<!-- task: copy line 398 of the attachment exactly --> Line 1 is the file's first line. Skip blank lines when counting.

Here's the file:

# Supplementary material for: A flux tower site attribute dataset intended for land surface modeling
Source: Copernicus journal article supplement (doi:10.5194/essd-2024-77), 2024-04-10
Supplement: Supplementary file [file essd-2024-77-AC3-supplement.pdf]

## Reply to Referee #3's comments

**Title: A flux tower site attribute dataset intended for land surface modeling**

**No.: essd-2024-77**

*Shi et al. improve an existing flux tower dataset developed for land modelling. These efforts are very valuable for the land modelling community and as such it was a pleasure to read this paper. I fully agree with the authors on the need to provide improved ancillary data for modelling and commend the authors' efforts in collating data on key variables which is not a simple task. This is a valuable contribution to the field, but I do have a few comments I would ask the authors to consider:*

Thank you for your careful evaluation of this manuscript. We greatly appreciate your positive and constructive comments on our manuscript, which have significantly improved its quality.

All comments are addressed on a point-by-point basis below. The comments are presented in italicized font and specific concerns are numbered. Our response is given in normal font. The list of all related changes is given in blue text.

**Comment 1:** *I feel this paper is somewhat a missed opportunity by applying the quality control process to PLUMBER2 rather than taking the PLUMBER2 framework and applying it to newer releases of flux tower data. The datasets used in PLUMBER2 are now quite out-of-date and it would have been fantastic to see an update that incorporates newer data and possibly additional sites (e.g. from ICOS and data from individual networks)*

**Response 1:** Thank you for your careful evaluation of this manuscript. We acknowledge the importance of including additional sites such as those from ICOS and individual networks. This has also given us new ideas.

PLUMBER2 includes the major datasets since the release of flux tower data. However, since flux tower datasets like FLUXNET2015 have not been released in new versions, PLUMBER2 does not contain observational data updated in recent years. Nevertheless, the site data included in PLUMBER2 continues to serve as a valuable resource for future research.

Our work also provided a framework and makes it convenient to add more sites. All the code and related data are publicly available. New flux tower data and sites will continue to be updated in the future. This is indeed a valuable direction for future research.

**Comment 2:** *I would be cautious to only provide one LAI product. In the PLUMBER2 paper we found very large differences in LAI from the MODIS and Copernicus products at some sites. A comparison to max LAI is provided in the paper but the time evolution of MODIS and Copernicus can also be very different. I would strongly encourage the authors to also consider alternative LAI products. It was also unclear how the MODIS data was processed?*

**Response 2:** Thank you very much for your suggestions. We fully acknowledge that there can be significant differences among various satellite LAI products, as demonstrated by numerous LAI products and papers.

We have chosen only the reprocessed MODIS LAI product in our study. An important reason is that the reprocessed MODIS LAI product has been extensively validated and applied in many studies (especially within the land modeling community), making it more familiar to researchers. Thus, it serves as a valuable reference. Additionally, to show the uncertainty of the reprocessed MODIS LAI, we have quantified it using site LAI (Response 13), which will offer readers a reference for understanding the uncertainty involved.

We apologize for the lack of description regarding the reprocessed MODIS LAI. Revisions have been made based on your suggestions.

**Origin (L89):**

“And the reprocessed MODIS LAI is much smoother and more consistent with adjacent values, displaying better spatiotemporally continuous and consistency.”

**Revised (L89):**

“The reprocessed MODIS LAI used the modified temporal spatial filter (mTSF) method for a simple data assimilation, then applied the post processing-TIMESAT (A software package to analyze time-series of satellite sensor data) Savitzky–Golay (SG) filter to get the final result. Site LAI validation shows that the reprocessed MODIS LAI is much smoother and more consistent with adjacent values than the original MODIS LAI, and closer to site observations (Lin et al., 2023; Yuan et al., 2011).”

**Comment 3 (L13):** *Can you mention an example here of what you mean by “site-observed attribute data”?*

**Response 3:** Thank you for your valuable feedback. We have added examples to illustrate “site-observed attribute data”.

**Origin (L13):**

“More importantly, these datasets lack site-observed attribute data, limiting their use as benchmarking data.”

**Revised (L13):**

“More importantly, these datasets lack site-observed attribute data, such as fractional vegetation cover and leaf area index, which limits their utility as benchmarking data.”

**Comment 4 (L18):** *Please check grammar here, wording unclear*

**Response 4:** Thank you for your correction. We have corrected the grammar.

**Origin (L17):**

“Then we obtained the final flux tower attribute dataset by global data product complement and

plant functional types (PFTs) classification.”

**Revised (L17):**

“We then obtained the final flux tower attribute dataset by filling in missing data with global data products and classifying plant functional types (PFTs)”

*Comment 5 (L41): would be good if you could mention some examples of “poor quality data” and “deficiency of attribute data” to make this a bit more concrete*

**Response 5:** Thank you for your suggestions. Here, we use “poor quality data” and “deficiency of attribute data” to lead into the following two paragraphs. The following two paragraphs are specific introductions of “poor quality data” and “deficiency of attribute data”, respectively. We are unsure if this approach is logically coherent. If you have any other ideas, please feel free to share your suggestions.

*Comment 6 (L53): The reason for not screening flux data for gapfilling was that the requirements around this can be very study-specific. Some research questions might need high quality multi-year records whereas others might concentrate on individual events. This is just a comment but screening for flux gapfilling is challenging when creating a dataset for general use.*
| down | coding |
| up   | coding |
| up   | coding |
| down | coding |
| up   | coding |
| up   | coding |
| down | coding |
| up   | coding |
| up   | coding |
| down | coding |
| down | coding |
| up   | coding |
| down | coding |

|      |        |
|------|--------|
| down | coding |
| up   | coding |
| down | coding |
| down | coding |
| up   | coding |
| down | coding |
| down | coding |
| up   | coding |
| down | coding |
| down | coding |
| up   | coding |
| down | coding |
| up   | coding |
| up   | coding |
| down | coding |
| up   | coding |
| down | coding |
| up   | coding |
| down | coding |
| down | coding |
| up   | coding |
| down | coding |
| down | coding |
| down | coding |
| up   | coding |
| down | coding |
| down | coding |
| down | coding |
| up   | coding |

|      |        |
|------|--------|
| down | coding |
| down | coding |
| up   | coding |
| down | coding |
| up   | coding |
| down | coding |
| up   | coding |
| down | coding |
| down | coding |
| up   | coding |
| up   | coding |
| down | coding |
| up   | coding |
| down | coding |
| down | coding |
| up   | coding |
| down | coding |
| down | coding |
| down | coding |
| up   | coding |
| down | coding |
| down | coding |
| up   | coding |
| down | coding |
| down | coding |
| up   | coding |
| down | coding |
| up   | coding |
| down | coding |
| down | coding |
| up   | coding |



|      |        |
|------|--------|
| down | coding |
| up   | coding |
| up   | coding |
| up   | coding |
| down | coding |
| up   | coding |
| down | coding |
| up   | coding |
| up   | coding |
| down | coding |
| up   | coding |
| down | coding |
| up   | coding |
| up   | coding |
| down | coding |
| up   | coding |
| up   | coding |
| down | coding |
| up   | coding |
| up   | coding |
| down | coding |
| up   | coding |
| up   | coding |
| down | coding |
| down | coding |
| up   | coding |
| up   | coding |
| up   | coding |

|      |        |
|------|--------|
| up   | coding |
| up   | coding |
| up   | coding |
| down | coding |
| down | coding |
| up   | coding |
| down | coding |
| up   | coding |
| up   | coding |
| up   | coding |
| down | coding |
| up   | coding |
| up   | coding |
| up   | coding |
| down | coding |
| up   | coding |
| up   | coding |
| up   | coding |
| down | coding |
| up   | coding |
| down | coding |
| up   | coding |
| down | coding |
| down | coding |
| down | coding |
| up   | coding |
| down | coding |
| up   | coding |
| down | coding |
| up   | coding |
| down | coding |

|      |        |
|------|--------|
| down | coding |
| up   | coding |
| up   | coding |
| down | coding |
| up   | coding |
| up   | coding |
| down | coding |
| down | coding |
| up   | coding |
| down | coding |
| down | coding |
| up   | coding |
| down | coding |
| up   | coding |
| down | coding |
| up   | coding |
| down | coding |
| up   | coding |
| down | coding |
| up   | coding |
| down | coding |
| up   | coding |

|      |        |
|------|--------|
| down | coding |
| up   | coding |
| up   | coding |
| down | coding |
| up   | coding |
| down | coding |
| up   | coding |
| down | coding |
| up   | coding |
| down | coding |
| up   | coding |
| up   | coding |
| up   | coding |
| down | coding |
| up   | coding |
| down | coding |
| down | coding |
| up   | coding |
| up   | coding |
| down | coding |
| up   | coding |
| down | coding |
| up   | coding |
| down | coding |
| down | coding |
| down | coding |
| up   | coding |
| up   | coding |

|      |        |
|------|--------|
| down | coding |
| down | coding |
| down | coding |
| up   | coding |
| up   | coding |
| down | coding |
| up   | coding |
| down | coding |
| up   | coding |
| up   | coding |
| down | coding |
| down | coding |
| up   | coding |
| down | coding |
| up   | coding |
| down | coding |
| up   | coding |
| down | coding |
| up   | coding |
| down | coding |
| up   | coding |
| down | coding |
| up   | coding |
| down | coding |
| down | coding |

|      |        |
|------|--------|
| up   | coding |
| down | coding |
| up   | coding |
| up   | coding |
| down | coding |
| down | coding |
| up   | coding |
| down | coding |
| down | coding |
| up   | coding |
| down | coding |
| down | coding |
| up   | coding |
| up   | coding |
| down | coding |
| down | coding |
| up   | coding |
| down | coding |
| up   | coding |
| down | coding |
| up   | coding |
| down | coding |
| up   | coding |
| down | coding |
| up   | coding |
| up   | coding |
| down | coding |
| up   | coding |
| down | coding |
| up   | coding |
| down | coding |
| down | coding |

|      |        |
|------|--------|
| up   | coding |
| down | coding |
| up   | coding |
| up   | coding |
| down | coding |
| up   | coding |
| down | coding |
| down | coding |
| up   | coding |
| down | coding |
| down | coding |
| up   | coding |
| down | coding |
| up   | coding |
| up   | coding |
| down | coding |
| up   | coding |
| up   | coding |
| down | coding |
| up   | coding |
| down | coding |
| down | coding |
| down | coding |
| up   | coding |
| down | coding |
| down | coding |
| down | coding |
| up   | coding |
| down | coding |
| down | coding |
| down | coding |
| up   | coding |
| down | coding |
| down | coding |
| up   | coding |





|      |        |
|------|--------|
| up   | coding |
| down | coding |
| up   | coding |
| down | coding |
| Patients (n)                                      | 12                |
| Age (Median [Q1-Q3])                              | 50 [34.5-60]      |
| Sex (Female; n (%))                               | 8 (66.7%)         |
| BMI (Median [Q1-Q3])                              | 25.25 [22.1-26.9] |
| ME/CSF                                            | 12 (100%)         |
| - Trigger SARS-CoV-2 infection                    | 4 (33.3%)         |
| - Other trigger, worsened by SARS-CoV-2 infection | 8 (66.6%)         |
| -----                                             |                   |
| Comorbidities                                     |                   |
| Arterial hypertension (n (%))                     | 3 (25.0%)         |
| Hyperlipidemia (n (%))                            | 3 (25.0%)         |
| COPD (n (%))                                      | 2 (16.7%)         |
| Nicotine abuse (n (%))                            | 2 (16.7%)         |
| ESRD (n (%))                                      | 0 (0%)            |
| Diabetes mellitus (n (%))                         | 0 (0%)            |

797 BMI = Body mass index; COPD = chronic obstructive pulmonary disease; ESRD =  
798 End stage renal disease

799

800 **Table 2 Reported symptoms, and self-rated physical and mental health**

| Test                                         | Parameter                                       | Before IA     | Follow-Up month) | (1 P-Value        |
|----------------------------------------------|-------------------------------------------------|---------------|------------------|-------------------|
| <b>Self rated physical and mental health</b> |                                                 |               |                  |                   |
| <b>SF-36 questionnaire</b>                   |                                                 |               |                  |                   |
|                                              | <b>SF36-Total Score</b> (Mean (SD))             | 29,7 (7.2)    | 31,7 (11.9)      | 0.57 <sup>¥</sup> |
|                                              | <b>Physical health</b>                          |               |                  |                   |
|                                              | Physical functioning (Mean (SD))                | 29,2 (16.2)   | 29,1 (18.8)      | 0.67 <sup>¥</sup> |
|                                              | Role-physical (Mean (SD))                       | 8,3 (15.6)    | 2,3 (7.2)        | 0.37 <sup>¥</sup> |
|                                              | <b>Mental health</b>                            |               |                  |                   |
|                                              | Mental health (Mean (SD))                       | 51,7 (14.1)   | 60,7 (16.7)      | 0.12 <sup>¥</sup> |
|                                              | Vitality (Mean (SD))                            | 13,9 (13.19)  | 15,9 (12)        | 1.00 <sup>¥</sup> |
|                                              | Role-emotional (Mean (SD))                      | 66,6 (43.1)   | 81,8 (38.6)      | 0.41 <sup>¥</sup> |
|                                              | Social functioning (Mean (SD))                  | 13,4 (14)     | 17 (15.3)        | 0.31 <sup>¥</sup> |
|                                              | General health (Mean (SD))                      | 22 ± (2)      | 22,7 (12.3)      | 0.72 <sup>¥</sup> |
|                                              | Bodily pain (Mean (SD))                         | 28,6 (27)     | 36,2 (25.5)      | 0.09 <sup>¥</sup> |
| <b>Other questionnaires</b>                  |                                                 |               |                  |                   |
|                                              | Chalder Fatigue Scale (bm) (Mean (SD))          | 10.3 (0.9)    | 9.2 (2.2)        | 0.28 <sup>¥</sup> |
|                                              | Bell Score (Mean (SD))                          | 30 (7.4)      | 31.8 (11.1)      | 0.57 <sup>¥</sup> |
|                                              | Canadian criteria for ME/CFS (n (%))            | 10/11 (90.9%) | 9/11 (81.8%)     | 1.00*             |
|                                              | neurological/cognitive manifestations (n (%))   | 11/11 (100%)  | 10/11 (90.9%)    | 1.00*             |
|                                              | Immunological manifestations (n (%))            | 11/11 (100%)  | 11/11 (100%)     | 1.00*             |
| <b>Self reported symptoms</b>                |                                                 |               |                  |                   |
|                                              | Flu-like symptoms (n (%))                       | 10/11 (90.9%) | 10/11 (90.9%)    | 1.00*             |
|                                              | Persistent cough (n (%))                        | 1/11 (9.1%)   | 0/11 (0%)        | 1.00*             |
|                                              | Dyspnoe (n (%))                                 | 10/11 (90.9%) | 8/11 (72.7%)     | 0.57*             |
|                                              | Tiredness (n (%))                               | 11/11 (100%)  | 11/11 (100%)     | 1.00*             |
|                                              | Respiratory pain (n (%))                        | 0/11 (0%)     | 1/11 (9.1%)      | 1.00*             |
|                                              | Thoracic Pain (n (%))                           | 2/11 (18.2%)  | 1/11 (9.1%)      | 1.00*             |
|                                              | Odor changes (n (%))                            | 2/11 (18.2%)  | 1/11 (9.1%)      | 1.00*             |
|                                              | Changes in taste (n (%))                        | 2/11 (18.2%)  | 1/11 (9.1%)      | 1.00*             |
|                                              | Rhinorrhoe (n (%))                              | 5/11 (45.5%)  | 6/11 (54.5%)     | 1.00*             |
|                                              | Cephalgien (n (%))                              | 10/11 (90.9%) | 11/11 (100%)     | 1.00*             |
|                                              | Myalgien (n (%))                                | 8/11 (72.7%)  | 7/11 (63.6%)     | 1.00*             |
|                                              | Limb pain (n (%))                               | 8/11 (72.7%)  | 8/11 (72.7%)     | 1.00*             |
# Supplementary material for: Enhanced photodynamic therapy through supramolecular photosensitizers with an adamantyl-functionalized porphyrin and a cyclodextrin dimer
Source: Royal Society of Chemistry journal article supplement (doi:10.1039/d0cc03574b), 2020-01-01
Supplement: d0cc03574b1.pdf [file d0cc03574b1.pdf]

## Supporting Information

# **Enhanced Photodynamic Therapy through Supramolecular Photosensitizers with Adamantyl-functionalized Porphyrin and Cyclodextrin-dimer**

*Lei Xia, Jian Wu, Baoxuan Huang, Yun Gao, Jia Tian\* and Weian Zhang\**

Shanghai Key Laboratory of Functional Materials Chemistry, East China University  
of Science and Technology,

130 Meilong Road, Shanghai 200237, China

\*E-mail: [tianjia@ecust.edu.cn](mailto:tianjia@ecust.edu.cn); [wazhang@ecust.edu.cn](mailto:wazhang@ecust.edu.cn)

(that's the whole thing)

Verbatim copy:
\*E-mail: [tianjia@ecust.edu.cn](mailto:tianjia@ecust.edu.cn); [wazhang@ecust.edu.cn](mailto:wazhang@ecust.edu.cn)